BGC Summer Field School participants with Professor Caspar Meyer at the Acropolis. Photo courtesy of Rachel Salem-Wiseman (MA ’24).

In its second year, the field school in archaeology and material culture was again offered on the Cycladic island of Antiparos and the adjacent island Despotiko, where students participated in a project to excavate and rebuild the sixth-century BCE sanctuary of Apollo. Professor Caspar Meyer, who has been working on the sanctuary site since 2017, leads the field school. All first-year BGC students have the opportunity to add the field school to the existing BGC travel program to Berlin and Paris. This year, thirteen students participated in the program.

The region exported marble to centers like Athens—some of the earliest statues from the Acropolis were made of Parian marble—and current work on the site contributes to our knowledge of the material’s enduring cultural significance. Since its discovery in the early 2000s, the sanctuary on Despotiko has produced an uninterrupted string of finds, including votive deposits under the temple floor and domestic buildings pre-dating the sacred structures. The site has become key to understanding the connections between seafaring, craft, and religion that shaped Greek culture for centuries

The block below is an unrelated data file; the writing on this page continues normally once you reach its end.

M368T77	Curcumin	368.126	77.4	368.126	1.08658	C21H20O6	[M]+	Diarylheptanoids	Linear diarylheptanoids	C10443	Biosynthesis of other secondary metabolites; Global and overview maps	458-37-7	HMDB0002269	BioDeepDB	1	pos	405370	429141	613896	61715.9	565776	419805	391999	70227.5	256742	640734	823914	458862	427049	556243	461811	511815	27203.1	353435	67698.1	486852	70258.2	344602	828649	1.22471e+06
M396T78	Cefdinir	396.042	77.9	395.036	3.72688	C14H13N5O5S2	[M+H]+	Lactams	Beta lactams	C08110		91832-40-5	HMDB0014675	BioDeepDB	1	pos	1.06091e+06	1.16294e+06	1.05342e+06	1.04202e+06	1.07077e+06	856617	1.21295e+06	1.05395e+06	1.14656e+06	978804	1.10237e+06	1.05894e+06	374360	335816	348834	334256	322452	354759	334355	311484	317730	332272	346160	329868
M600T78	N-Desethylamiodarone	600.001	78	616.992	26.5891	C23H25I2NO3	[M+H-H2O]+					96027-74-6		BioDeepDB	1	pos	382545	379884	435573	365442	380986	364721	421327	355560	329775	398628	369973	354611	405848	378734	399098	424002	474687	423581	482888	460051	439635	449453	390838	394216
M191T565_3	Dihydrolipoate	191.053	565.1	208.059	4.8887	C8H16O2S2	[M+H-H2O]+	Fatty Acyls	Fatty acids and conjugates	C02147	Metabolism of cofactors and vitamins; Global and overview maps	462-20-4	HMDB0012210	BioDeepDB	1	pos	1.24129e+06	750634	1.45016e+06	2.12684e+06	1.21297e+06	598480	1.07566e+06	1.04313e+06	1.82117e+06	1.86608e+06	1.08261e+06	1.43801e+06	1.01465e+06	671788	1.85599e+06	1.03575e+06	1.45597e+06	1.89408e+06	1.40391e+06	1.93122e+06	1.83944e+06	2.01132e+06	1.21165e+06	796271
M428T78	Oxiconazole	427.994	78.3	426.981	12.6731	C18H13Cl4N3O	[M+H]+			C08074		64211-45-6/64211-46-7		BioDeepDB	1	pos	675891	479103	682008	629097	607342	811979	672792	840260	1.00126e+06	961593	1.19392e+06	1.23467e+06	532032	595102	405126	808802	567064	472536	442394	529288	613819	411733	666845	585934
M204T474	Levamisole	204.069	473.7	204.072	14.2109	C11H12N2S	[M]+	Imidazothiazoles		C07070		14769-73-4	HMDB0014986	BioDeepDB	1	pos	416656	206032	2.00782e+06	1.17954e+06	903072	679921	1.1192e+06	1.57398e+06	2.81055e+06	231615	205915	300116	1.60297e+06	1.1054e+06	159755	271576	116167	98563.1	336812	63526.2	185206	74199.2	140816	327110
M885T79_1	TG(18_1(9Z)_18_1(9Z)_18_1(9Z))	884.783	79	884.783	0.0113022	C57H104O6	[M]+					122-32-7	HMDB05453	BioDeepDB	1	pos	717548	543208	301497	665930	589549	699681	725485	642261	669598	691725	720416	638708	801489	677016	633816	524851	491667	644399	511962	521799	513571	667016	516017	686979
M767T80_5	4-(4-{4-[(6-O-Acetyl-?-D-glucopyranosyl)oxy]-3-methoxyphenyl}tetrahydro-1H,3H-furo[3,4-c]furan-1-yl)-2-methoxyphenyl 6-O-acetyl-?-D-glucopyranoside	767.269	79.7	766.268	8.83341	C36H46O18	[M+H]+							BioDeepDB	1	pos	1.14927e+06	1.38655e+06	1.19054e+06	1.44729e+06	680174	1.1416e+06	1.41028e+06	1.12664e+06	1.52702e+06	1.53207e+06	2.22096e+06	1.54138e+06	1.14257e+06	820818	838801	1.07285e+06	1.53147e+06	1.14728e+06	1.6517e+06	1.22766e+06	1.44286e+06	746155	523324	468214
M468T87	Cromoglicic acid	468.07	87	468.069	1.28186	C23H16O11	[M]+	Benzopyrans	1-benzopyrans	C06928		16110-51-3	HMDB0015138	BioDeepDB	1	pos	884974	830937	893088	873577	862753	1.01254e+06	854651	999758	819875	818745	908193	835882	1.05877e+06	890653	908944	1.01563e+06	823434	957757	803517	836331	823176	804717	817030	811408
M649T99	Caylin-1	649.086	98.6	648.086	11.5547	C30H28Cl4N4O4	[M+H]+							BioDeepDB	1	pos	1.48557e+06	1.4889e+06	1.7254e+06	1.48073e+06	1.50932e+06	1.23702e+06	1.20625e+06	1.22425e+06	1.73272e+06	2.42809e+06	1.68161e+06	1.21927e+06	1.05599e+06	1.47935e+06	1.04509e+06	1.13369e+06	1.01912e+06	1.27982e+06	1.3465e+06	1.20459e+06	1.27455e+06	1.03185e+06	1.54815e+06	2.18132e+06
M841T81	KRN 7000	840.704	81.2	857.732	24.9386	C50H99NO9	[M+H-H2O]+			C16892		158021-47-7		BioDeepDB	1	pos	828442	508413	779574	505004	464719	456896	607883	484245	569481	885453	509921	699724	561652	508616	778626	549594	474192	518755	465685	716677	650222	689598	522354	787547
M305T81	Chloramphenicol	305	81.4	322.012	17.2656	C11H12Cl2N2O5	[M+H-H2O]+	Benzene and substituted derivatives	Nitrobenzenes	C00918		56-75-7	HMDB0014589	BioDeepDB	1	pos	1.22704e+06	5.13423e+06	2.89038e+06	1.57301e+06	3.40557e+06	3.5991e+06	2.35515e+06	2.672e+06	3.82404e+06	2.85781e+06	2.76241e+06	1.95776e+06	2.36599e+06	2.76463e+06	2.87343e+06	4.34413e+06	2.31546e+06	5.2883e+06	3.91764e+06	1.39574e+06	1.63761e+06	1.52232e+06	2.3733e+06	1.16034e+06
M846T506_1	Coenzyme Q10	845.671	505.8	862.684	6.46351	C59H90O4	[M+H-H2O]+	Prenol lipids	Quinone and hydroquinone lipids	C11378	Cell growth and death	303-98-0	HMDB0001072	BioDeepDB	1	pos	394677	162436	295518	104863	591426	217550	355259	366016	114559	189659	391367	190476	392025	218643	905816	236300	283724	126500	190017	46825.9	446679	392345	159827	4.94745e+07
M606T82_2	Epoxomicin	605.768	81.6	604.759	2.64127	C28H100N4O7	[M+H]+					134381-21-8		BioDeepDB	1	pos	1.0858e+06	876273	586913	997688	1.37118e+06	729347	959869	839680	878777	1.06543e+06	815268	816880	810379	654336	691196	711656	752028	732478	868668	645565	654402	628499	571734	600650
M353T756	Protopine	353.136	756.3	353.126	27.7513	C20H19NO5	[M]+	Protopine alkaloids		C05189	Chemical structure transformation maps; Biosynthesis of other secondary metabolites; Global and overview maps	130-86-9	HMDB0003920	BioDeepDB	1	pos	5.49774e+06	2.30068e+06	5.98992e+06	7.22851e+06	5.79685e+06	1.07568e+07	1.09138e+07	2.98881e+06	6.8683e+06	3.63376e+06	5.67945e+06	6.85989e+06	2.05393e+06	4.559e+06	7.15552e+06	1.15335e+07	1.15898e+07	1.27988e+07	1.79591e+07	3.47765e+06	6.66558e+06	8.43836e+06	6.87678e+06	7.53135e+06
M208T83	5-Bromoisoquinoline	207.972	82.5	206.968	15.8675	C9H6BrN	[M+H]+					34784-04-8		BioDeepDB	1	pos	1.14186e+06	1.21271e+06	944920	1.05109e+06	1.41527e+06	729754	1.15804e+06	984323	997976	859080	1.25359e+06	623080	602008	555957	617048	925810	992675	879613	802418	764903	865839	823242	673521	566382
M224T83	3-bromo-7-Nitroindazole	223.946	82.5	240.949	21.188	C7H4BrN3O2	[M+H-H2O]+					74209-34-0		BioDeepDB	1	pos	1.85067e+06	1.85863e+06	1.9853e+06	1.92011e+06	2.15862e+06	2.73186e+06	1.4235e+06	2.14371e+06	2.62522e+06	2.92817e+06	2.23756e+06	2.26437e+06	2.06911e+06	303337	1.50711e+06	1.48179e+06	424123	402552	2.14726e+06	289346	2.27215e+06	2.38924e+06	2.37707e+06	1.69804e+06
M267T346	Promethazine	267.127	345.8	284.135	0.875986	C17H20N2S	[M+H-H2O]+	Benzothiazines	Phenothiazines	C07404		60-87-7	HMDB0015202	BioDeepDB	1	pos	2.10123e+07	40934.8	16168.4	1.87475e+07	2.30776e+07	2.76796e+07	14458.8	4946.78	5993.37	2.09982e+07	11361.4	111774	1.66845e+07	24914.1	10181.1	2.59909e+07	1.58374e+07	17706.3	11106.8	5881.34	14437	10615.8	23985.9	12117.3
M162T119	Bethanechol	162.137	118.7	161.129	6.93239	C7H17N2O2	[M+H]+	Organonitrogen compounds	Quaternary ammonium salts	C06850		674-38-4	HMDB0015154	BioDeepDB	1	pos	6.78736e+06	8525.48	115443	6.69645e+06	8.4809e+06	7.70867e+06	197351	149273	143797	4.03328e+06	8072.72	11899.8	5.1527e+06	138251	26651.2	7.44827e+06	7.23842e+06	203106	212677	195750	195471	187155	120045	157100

Students spent two days visiting significant ancient sites and museums in Athens and then traveled to Antiparos for six days of work and study. Each morning, students crossed a small channel to Despotiko to work on the excavation site until the afternoon. Evenings were dedicated to building an outdoor kiln for making clay ceramics under the guidance of an expert in ancient potting techniques. This unique opportunity in the handcraft behind the pottery fragments found at the site facilitated an understanding of object interpretation and reconstruction.

The purpose of a field school is to take students out of the classroom so they can test what they have learned there against practical, first hand experiences. Students are confronted with the unpredictability of unearthing, cleaning, and identifying an object, as well as subsequent collaboration required to archive, conserve, and reconstruct an object that may eventually find its way into a museum display.

Student participation in the BGC Field School in Archaeology and Material Culture was made possible in part by the generous support of the Malcolm Hewitt Wiener Foundation, Inc.